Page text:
George Osborne, in his most recent speech to the City of London, told his audience of bankers that “a central demand in our renegotiation is that Europe stops costly and damaging regulation”.

David Cameron has boasted of running “the first government in modern history that at the end of its parliamentary term has less regulation in place than there was at the beginning”.

This, in a world of accelerating complexity and booming corporate crime, is pure recklessness.

But fear not, they say: economic power no longer needs to be subject to the rule of law. It can regulate itself.

Some of us have long suspected that this is bunkum with bells on. But until now, suspicion is all we’ve had.

This week the first global review of self-regulation is published. It was commissioned by Britain’s Royal Society for the Protection of Birds, but it covers every sector from payday lenders to dog breeders. And it shows that in almost all cases – 82% of the 161 schemes it assessed, voluntary measures have failed.

For instance, when the European Union sought to reduce the number of pedestrians and cyclists killed by vehicles, it could simply have passed a law instructing the vehicle manufacturers to change the way they designed their bumpers and bonnets, at a cost of roughly €30 a car. Instead, it relied on a voluntary agreement with the industry. The result was a 75% lower level of protection than a law would have delivered.

When the Welsh government introduced a 5p charge for plastic bags, it cut their use by 80% overnight. The Westminster government claimed that self-regulation by the retailers would do the job just as well. The result? A grand reduction of 6%.

After seven wasted years, it succumbed last month to the obvious logic, and introduced a charge.

Voluntary schemes designed to prevent the advertising of junk food to children in Spain, to cut greenhouse gases in Canada, to save water in California, to save albatrosses from long-liners in New Zealand, to protect cosmetic surgery patients in the UK, to stop the aggressive marketing of psychiatric medicines in Sweden: fail, fail, fail, fail.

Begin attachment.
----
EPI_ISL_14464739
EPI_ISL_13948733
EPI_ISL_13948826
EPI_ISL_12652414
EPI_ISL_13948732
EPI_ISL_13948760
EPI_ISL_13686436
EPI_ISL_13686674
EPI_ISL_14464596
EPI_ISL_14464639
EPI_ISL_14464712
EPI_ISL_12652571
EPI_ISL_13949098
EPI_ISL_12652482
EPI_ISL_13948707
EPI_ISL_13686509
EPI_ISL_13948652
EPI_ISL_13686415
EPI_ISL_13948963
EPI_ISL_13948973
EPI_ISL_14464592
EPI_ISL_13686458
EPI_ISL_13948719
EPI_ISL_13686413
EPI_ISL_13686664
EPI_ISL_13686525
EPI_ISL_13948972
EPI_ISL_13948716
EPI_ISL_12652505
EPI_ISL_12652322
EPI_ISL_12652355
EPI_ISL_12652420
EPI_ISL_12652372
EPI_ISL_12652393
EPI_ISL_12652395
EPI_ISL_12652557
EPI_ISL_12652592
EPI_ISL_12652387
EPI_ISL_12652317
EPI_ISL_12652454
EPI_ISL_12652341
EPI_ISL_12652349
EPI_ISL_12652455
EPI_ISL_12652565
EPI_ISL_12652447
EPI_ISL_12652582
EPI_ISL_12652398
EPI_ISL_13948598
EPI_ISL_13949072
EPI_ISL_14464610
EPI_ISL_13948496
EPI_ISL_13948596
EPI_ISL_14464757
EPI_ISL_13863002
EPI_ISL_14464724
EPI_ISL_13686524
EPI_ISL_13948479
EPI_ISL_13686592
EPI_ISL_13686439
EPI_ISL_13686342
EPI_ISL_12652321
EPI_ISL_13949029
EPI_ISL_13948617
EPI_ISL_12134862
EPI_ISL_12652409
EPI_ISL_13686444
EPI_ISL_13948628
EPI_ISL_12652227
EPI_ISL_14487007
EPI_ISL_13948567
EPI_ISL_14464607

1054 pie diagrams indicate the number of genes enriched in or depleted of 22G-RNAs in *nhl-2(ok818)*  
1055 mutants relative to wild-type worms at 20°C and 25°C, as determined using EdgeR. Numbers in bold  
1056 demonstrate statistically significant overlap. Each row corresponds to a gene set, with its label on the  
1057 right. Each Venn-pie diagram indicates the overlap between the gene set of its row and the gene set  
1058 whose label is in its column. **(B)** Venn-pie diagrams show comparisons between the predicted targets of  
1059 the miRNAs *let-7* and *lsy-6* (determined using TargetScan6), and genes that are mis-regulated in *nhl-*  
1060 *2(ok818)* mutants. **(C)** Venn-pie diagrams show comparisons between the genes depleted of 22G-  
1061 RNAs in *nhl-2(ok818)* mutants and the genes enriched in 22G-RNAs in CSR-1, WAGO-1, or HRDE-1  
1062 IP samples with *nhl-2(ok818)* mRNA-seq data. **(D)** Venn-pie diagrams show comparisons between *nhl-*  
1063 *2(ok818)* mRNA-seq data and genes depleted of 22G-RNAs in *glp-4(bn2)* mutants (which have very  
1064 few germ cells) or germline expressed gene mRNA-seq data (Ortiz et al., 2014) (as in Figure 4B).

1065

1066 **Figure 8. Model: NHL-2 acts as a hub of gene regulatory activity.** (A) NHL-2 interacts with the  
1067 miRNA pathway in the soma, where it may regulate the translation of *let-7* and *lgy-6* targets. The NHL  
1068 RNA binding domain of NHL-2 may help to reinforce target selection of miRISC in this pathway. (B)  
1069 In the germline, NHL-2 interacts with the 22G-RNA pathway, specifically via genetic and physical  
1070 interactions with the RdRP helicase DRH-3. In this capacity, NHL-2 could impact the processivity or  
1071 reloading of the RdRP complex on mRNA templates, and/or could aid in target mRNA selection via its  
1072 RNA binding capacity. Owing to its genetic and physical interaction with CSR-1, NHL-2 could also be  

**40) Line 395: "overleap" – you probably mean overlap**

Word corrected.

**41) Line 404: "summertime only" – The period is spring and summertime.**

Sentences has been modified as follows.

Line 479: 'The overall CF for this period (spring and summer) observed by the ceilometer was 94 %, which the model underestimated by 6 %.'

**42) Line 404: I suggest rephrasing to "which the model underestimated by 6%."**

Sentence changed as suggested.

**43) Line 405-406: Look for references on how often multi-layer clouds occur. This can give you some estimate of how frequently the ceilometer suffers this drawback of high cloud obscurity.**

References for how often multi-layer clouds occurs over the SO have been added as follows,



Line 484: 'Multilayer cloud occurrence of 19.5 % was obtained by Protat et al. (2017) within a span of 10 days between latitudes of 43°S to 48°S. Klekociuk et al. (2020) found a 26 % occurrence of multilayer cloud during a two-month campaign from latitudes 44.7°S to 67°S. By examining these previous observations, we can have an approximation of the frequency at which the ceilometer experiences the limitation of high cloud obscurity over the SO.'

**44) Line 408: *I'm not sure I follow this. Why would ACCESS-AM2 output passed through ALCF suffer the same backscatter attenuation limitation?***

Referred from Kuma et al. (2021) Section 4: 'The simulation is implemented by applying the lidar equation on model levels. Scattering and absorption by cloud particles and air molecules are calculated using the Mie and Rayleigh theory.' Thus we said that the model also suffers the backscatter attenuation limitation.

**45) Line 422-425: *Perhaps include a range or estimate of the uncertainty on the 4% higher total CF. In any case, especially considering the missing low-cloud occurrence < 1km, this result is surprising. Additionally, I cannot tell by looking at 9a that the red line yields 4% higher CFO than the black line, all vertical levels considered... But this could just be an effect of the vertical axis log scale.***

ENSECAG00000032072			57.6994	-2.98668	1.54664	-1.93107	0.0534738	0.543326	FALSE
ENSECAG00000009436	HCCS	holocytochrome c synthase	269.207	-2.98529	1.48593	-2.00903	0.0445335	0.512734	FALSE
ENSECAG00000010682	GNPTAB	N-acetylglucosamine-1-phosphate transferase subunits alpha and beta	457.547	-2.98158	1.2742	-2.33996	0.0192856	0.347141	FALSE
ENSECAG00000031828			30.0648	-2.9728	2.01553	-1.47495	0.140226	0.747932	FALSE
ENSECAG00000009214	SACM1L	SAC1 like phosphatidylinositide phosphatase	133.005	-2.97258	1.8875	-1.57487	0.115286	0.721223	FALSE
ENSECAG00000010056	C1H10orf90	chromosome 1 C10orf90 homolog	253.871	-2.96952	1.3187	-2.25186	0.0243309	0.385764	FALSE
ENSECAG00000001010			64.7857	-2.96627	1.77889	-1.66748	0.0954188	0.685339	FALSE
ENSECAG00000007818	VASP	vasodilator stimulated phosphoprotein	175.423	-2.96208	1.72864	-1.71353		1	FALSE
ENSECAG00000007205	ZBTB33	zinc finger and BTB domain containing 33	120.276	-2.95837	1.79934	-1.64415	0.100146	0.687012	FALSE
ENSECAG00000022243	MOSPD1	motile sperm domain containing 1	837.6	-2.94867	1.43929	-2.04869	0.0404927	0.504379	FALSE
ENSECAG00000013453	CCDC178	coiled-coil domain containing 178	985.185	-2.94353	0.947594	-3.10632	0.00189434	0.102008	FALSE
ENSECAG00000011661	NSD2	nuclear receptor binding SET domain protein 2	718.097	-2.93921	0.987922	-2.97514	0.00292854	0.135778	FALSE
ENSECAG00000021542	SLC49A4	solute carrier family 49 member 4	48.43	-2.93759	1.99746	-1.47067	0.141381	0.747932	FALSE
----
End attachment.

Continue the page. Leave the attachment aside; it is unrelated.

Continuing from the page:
What the state could have done with a stroke of the pen cheaply and effectively is left instead to the fumbling efforts of industries that, even when sincere, are fatally undermined by free riders and opportunists.

In several cases, companies begged for new laws to raise standards throughout the industry. For example, those who make plastic silage wrappings for farmers tried to get the UK government to raise the recycling rate, while garden companies wanted regulations to phase out the use of peat. The governments refused.

Was this the result of blind ideology or grubby self-interest – or both? The biggest donors to political parties tend to be the worst operators, using their money to keep malpractice legal (consider Enron).

Because the parties they fund bow to their wishes, everyone else is forced to adopt their low standards.

I suspect that governments know as well as anyone that law is more efficient and effective than self-regulation, which is why it is not used.

Restraining the electorate, releasing the powerful: this is a perfectly designed formula for a multidimensional crisis. And boy, are we reaping it.

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Degrees of consciousness? A way to Bypass the Free-Will philosophy

Unconscious under anaesthesia, dozing off, automatic activities, spinal consciousness, protoplasmic consciousness, deficient self-consciousness, sub-conscience…

Deficient attention span related to levels of habit formation…

For example:

Phonemes acquire a meaning at the level of morphemes. Words have to be related to the context. Sentences are linked to a larger reference plan.